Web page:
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In managing COVID-19, East Georgia State keeps focus on student success
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While COVID-19 has changed some of the ways East Georgia State College offers its classes, the pandemic only focused East Georgia’s mission of providing the best education opportunities to its students even more.

“COVID has changed the college by encouraging faculty members to analyze how they teach students, identify the best methods for fostering learning under these circumstances, and identify barriers that students must overcome to be successful,” said Courtney Joiner, associate professor of History and coordinator of Humanities and Social Sciences at the Swainsboro campus. 

Shepherding student success has been a hallmark of East Georgia State since its founding, and is exemplified in the fact that more than two-thirds of East Georgia State College’s first-time, full-time freshmen successfully transfer to another college or university within three years after starting as beginning freshmen at EGSC.

Harley Strickland Smith, coordinator of Communications and The Fulford Community Learning Center at East Georgia, said “Our faculty are committed to meeting the academic needs of students, and this includes flexibility in the ways courses are taught. We offer classes taught in various instructional modes, including traditional face-to-face classes, hybrid classes, synchronous online classes and asynchronous online classes.”

Currently, East Georgia’s face-to-face classes meet one, two or three days a week and are on campus and in person. To ensure safety, there is spaced seating in classes, hallways and other indoor public areas. 

Smith said that when face-to-face class enrollment exceeds seating capacity in a classroom, the mode of instruction becomes hybrid. In hybrid classes, the students are sectioned into groups that attend class face-to-face on alternating days and attend online the other days.

Megan Scruggs, an East Georgia State staff member and online nontraditional student, said she is grateful for the way her professors have made the extra effort to connect with her. She appreciates that her professors work diligently to provide a virtual classroom experience that is both appealing and interesting.

In the future, Smith does see a return to more traditional class offerings.

“As the COVID-19 vaccine becomes more widely available, we anticipate that many classes will return to a face-to-face mode of instruction,” she said. “However, we also know that student demand for online instruction may continue, as many students have adjusted to the different demands of online instruction. One of the best features of East Georgia State College is that the smaller class size promotes better connections among students and the professor and students with other students. We eagerly await a return to face-to-face instruction because students perform better academically in that kind of setting and because we miss seeing our Bobcats on campus.”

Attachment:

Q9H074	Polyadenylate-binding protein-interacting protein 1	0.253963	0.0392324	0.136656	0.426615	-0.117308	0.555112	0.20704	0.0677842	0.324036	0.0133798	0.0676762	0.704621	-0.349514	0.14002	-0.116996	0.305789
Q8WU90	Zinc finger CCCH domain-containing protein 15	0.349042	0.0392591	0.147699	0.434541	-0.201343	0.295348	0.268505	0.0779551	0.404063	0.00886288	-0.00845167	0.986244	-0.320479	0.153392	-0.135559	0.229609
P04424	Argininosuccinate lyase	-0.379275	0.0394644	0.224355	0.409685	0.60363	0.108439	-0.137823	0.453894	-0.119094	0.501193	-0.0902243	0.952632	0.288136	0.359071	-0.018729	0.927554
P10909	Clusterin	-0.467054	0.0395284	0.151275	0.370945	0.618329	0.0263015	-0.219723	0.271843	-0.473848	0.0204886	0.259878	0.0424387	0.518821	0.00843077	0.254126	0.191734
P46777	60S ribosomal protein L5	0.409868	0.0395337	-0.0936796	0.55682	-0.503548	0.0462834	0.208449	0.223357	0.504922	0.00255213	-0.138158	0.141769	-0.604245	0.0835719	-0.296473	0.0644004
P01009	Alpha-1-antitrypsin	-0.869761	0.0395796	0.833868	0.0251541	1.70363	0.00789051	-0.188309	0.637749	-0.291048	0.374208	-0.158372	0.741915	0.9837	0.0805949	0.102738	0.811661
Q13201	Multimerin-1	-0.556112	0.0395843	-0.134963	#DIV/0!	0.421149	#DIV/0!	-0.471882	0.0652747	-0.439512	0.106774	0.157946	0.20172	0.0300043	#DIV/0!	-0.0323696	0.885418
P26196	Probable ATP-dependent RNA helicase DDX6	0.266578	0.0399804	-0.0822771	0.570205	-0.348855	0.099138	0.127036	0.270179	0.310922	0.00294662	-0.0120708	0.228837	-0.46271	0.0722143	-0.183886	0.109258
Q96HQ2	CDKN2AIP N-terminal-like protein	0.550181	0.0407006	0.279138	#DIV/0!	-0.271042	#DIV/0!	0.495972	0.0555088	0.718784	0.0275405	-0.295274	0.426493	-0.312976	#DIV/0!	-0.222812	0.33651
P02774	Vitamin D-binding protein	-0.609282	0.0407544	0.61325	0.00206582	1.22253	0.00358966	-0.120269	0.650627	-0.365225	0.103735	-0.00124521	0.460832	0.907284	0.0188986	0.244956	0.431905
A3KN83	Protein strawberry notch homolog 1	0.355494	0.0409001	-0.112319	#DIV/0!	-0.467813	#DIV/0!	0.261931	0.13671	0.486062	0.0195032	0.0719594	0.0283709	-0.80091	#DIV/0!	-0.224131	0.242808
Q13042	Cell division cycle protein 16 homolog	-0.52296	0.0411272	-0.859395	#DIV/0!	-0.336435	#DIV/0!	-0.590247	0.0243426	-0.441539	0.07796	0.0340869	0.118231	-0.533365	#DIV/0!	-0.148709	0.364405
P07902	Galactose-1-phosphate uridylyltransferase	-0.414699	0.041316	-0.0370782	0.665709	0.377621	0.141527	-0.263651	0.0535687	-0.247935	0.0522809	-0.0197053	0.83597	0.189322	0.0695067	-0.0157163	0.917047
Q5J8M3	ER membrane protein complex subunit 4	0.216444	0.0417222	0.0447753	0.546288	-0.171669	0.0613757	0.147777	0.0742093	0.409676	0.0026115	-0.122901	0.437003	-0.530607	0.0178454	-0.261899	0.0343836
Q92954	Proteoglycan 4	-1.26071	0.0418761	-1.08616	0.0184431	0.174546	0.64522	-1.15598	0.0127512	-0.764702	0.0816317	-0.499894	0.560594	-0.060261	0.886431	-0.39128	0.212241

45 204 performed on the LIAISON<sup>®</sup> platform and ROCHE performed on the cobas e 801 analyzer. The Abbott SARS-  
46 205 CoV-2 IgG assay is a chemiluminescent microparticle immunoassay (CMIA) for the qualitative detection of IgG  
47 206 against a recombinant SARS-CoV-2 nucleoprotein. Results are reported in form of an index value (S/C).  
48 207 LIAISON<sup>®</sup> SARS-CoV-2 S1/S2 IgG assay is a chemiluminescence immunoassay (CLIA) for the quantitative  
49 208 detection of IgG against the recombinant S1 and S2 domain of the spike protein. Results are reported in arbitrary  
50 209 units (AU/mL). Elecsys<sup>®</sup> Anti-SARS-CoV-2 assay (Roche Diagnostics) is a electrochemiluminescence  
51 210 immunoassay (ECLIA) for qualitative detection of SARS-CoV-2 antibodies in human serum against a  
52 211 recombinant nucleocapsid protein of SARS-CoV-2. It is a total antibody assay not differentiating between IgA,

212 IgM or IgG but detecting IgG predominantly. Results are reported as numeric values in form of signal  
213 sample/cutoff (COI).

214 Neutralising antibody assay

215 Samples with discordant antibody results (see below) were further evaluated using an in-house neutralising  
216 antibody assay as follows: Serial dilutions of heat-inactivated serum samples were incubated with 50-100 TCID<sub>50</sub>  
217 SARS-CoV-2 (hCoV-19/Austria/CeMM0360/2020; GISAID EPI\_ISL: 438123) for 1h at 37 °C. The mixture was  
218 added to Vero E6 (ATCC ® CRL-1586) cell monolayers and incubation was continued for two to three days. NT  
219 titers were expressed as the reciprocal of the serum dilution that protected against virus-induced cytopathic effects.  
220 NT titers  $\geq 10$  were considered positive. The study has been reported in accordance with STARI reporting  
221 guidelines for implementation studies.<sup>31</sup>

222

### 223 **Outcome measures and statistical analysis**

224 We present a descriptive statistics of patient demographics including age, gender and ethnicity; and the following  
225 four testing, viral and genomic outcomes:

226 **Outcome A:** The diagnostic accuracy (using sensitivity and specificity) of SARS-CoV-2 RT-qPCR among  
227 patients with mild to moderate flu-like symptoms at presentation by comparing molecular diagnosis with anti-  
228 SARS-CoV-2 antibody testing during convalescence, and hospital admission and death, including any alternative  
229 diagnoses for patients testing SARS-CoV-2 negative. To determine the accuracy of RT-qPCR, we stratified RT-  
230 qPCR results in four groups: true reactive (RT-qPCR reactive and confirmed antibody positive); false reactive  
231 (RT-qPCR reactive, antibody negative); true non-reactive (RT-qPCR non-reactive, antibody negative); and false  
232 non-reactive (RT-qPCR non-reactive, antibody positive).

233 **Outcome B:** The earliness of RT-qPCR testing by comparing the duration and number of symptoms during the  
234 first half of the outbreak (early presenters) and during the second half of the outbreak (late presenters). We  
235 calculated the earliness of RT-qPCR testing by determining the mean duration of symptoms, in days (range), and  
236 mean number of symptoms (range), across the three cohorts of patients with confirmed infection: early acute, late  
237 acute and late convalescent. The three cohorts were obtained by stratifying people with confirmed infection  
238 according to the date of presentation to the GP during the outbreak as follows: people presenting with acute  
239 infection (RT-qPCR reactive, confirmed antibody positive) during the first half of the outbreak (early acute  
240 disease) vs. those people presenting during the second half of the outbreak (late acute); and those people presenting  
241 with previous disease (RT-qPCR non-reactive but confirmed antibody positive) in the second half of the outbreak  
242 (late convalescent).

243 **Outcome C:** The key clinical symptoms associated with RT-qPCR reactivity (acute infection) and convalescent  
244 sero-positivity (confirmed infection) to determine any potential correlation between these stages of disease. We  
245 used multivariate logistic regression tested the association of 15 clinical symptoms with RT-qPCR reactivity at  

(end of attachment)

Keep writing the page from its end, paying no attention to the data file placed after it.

In November 2018, East Georgia and Georgia Southern announced that East Georgia would move its campus into the Nessmith-Lane Continuing Education Building — the heart of the GS campus. Similarly, the functions of Continuing Education at Georgia Southern will move to the East Georgia campus on 301 South.

A year ago, East Georgia was hoping to have the move completed in time to start the Fall 2021 semester on the new campus. COVID, however, slowed down that timeline.

“Our understanding, at this time, is that construction will begin this summer and we will officially make the move during December,” Smith said. “If everything goes according to schedule, we will be in the updated space on the Georgia Southern campus by January 2022.”

East Georgia State College continues to grow and it has become the college of choice for many students for many reasons. It is ranked among the top 50 institutions of higher education in the U.S. with the lowest tuition and lowest net price as reported by the U.S. Department of Education's most recent College Affordability and Transparency List. 

“Students who attend EGSC appreciate that they can either transfer or earn an associates or bachelor’s degree at such an affordable cost,” Smith said. 

And while COVID-19 has made a lasting impact on the college, Jessica Williamson, director of the East Georgia State College Statesboro site, offered a different perspective.

“One positive way I believe COVID has impacted the college is there is an increase in empathy between students, faculty, and staff,” she said. “We are all trying to get through the pandemic the best way we are able, and this crisis has demonstrated a new, we are ‘in this together,’ mindset.”

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